In FIG. 11, the resonators 75, 76 of half-wave length are utilized as the resonator, and transmission lines 78, 79 including half-wave length between adjacent lines are utilized as the delay unit. By using these components, the resonator 76 having the resonance frequency f2 is realized as the phase difference 180 for the resonator 75 having the resonance frequency f1. The electric power from the input terminal 71 is supplied to each resonator 75, 76 by the electric power division means 73. The divided electric power through two resonators 75, 76 is combined by the electric power combination means 74 and output-from the output terminal 72.

FIG. 12 shows a modification example of FIG. 10. Instead of the delay unit 68 in FIG. 10, a meandering line is used as the delay unit 81. By using this meandering line, a large delay value can be realized. Furthermore, if order of height of resonance frequency of each resonator 65, 66, 67 including a microstrip conductor satisfies the delay difference condition of equation (2), the resonance frequency of each resonator may be assigned in an arbitrary order.

FIG. 13 is a modification example of FIG. 10 as the filter circuit of a coplanar line. As for the same reference numbers in FIG. 10, the explanation in FIG. 13 is omitted by referring to the above-mentioned explanation of FIG. 10. An aspect different from FIG. 10 is the ground metal 83 on the main face (the side on which the conductor 65 is formed) of the dielectric substrate 60.

FIG. 14 is a modification example of FIG. 11 as the filter circuit of a planar line. As for the same reference numbers in FIG. 11, the explanation in FIG. 14 is omitted by referring to the above-mentioned explanation of FIG. 11. In FIG. 14, circular conductors 85, 86 replace the line conductors 75, 76 in FIG. 11.

FIG. 15 shows an example of the filter circuit shown in FIG. 11 composed by a lumped element circuit. In FIG. 15, on semiconductor substrate 204 (For example, a GaAs substrate), the resonator 205 (resonance frequency f1) and the resonator 206 (resonance frequency f2) each consist of a capacitor and an inductor, and the delay unit 203 consists of Au wiring. A block including the resonator 205 and the delay unit 203 cascaded and the resonator 206 are connected in parallel between the input terminal 201 and the output terminal 202.

In this way, if the resonator is realized by different shape resonators or by connecting the distributed element circuit in parallel and the lumped element circuit, the first embodiment can be applied.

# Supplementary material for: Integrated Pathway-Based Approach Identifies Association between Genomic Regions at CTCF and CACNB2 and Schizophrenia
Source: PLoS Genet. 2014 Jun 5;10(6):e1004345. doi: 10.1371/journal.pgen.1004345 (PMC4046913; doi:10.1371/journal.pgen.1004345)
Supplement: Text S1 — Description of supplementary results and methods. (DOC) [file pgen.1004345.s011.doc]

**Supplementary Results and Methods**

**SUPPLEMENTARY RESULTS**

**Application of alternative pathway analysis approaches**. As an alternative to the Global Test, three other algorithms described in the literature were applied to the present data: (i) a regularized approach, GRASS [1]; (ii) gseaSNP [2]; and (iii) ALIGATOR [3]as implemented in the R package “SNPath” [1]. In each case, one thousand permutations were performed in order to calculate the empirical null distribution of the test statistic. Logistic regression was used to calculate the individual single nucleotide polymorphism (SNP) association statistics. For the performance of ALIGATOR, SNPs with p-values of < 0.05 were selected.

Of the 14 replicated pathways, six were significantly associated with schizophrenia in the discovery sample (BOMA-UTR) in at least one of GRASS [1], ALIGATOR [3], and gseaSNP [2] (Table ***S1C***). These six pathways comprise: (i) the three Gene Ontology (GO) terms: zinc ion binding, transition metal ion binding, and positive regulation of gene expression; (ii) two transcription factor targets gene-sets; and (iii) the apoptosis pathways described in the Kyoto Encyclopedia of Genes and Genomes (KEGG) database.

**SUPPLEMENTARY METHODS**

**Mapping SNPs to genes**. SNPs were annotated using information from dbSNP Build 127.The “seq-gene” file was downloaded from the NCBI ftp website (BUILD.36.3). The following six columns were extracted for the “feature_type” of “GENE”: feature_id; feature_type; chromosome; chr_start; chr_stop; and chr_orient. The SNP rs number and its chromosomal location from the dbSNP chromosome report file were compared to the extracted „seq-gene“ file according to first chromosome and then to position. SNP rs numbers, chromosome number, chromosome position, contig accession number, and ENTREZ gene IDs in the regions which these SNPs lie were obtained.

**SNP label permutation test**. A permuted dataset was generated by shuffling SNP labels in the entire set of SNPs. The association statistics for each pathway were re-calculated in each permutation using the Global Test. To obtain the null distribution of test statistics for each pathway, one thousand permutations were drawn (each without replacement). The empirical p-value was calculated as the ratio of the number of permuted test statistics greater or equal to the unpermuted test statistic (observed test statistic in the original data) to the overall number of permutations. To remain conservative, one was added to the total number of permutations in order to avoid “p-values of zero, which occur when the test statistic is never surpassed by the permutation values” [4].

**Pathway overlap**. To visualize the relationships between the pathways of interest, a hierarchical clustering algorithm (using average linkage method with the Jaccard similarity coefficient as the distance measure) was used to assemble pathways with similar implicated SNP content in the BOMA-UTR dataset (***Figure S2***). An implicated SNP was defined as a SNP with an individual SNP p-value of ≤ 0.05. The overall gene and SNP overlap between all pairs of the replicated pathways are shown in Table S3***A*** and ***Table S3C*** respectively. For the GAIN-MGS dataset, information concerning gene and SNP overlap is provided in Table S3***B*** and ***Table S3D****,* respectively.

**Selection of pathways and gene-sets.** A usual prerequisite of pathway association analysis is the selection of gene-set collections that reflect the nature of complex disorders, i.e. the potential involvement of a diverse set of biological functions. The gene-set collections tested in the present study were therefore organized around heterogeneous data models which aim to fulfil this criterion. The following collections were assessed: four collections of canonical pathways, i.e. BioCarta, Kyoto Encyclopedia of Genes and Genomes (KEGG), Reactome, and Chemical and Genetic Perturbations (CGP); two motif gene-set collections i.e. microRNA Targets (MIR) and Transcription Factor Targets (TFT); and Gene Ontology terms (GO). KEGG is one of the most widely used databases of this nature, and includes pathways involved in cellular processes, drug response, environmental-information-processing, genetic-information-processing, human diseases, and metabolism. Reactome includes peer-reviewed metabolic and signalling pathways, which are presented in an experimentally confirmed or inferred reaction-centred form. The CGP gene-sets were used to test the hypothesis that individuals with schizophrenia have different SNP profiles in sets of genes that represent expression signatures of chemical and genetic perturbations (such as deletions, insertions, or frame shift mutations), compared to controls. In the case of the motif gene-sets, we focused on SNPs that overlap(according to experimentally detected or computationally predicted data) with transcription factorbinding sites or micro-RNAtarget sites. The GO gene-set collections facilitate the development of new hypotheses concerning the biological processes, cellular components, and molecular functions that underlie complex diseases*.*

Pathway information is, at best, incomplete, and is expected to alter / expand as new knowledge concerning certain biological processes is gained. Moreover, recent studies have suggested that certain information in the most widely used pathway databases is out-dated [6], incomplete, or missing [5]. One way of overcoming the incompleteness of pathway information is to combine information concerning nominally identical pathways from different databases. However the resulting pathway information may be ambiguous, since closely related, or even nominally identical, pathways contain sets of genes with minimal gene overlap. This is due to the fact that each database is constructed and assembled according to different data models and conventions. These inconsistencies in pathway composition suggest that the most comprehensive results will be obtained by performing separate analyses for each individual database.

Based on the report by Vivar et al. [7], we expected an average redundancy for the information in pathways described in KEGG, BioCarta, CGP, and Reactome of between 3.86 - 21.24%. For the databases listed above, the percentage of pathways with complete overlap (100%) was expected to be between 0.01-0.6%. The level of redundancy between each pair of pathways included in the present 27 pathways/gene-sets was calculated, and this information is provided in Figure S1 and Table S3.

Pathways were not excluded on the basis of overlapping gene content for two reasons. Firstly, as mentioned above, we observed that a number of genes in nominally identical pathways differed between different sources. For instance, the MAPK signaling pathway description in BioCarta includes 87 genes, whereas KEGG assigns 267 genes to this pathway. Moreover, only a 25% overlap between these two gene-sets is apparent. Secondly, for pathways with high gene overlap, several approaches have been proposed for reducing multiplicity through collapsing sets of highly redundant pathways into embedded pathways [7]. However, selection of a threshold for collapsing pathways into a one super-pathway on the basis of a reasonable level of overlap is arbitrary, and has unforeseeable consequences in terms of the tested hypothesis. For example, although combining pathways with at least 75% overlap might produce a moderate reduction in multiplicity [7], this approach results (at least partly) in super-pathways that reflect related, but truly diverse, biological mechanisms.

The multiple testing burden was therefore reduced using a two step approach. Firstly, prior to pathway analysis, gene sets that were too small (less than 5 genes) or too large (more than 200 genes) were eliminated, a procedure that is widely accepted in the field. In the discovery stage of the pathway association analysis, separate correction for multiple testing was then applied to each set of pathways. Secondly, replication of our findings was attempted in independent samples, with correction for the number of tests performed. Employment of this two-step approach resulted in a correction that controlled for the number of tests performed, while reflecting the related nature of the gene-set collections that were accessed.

FIG. 16 is a block diagram of the filter circuit in FIG. 4 according to a modification of the first embodiment. In FIG. 4, the delay unit is located at the output side, but may be located at the input side. In FIG. 16, the delay unit in FIG. 4 is located at the input side, and the filter circuit is composed in the same way as in FIG. 4 by satisfying the above-mentioned condition of phase difference. The electric power division means 13 and the electric power combination means 14 are located between the input terminal 11 and the output terminal 12. The first block 101 in FIG. 4 corresponds to a block in which the delay unit 98 and the resonator 95 are cascaded. The second block 102 in FIG. 4 corresponds to a block in which the delay unit 99 and the resonator 96 are cascaded, and the third block 103 in FIG. 4 corresponds to a block in which the delay unit 100 and the resonator 97 are cascaded.

FIG. 17 shows an example of the filter circuit of a side-couple type using the microstrip line in FIG. 16. In FIG. 17, two blocks each of which the delay unit and the resonator are cascaded are shown. The electric power is divided into two by the input terminal 11. One electric power is immediately connected to the resonator 96 (resonance frequency f2) using electromagnetic field coupling, and the other electric power is connected to the resonator 95 (resonance frequency f1) through the delay unit 98 of delay value 180. These outputs are combined as the electric power, and supplied to the output terminal 12.

FIG. 18 is a block diagram of the filter circuit in FIG. 4 according to the second modification of the first embodiment. In FIG. 18, the delay units 118, 119, 120 are mixedly located at the input side and the output side. Each element 115˜120 is respectively the same as each element 95˜100 in FIG. 16.

FIG. 19 is a block diagram of the filter circuit in FIG. 4 according to a third modification of the first embodiment. In FIG. 19, the a-th delay unit 126 and the (a+1)-th delay unit 127 are related as the phase difference of “360j30 (j≧0: integer)”. In short, a phase difference between two resonance frequencies of the a-th block 102 and the (a+1)-th block 103 are equal-phase, and a phase difference between two adjacent resonance frequencies (every two closest resonance frequencies on frequency axis) of two blocks except for a pair of the a-th block and the (a+1)-th block is reverse-phase. In this case, as shown in frequency response 131 of FIG. 20, a non-passing or filtered band fa˜fa+1 can be realized in the designable frequency band f1˜fm. Furthermore, if a plurality of non-passing bands are realized, then a plurality of the pairs each satisfies the above-mentioned condition.